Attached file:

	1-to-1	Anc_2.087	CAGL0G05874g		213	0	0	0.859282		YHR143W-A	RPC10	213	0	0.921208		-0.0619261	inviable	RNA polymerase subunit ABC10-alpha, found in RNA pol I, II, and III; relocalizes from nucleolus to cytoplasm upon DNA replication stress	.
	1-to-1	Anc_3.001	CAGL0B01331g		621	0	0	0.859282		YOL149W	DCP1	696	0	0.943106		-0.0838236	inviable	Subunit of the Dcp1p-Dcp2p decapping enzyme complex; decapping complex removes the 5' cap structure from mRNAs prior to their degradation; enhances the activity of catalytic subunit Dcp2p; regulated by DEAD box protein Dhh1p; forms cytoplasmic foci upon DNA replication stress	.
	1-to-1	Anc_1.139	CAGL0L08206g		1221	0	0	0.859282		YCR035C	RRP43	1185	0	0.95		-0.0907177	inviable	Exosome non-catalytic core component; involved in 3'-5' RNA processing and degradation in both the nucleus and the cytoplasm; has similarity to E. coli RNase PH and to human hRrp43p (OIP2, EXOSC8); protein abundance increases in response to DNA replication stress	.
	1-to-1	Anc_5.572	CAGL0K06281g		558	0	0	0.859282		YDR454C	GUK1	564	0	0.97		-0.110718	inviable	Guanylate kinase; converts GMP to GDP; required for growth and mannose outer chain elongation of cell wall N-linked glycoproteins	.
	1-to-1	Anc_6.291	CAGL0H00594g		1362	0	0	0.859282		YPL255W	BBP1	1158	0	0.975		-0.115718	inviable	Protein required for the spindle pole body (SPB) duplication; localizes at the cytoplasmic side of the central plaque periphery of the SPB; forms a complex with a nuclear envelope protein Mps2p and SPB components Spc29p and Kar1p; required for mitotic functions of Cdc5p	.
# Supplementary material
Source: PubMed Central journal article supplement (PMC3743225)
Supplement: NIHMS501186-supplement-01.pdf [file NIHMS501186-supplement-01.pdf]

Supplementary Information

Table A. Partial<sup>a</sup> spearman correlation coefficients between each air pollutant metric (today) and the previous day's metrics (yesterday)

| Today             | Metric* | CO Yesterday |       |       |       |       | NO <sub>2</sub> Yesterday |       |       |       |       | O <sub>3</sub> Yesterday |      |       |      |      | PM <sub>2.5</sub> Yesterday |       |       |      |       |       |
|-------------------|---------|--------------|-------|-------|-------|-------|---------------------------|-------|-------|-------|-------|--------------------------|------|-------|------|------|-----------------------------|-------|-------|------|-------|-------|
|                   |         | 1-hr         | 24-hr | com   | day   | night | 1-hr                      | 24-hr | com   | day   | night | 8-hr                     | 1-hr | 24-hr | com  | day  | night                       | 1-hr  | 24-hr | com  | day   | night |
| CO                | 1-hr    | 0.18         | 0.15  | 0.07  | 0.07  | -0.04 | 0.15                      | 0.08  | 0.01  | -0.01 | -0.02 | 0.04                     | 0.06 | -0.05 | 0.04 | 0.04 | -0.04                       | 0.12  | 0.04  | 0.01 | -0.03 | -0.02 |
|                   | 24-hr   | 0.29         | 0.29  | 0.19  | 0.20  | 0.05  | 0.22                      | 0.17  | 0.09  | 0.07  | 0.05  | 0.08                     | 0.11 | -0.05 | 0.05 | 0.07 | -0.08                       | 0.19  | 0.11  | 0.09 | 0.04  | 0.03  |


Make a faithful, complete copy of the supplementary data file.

	1-to-1	Anc_2.087	CAGL0G05874g		213	0	0	0.859282		YHR143W-A	RPC10	213	0	0.921208		-0.0619261	inviable	RNA polymerase subunit ABC10-alpha, found in RNA pol I, II, and III; relocalizes from nucleolus to cytoplasm upon DNA replication stress	.
	1-to-1	Anc_3.001	CAGL0B01331g		621	0	0	0.859282		YOL149W	DCP1	696	0	0.943106		-0.0838236	inviable	Subunit of the Dcp1p-Dcp2p decapping enzyme complex; decapping complex removes the 5' cap structure from mRNAs prior to their degradation; enhances the activity of catalytic subunit Dcp2p; regulated by DEAD box protein Dhh1p; forms cytoplasmic foci upon DNA replication stress	.
	1-to-1	Anc_1.139	CAGL0L08206g		1221	0	0	0.859282		YCR035C	RRP43	1185	0	0.95		-0.0907177	inviable	Exosome non-catalytic core component; involved in 3'-5' RNA processing and degradation in both the nucleus and the cytoplasm; has similarity to E. coli RNase PH and to human hRrp43p (OIP2, EXOSC8); protein abundance increases in response to DNA replication stress	.
	1-to-1	Anc_5.572	CAGL0K06281g		558	0	0	0.859282		YDR454C	GUK1	564	0	0.97		-0.110718	inviable	Guanylate kinase; converts GMP to GDP; required for growth and mannose outer chain elongation of cell wall N-linked glycoproteins	.
	1-to-1	Anc_6.291	CAGL0H00594g		1362	0	0	0.859282		YPL255W	BBP1	1158	0	0.975		-0.115718	inviable	Protein required for the spindle pole body (SPB) duplication; localizes at the cytoplasmic side of the central plaque periphery of the SPB; forms a complex with a nuclear envelope protein Mps2p and SPB components Spc29p and Kar1p; required for mitotic functions of Cdc5p	.
# Supplementary material
Source: PubMed Central journal article supplement (PMC3743225)
Supplement: NIHMS501186-supplement-01.pdf [file NIHMS501186-supplement-01.pdf]

Supplementary Information

Table A. Partial<sup>a</sup> spearman correlation coefficients between each air pollutant metric (today) and the previous day's metrics (yesterday)

| Today             | Metric* | CO Yesterday |       |       |       |       | NO <sub>2</sub> Yesterday |       |       |       |       | O <sub>3</sub> Yesterday |      |       |      |      | PM <sub>2.5</sub> Yesterday |       |       |      |       |       |
|-------------------|---------|--------------|-------|-------|-------|-------|---------------------------|-------|-------|-------|-------|--------------------------|------|-------|------|------|-----------------------------|-------|-------|------|-------|-------|
|                   |         | 1-hr         | 24-hr | com   | day   | night | 1-hr                      | 24-hr | com   | day   | night | 8-hr                     | 1-hr | 24-hr | com  | day  | night                       | 1-hr  | 24-hr | com  | day   | night |
| CO                | 1-hr    | 0.18         | 0.15  | 0.07  | 0.07  | -0.04 | 0.15                      | 0.08  | 0.01  | -0.01 | -0.02 | 0.04                     | 0.06 | -0.05 | 0.04 | 0.04 | -0.04                       | 0.12  | 0.04  | 0.01 | -0.03 | -0.02 |
|                   | 24-hr   | 0.29         | 0.29  | 0.19  | 0.20  | 0.05  | 0.22                      | 0.17  | 0.09  | 0.07  | 0.05  | 0.08                     | 0.11 | -0.05 | 0.05 | 0.07 | -0.08                       | 0.19  | 0.11  | 0.09 | 0.04  | 0.03  |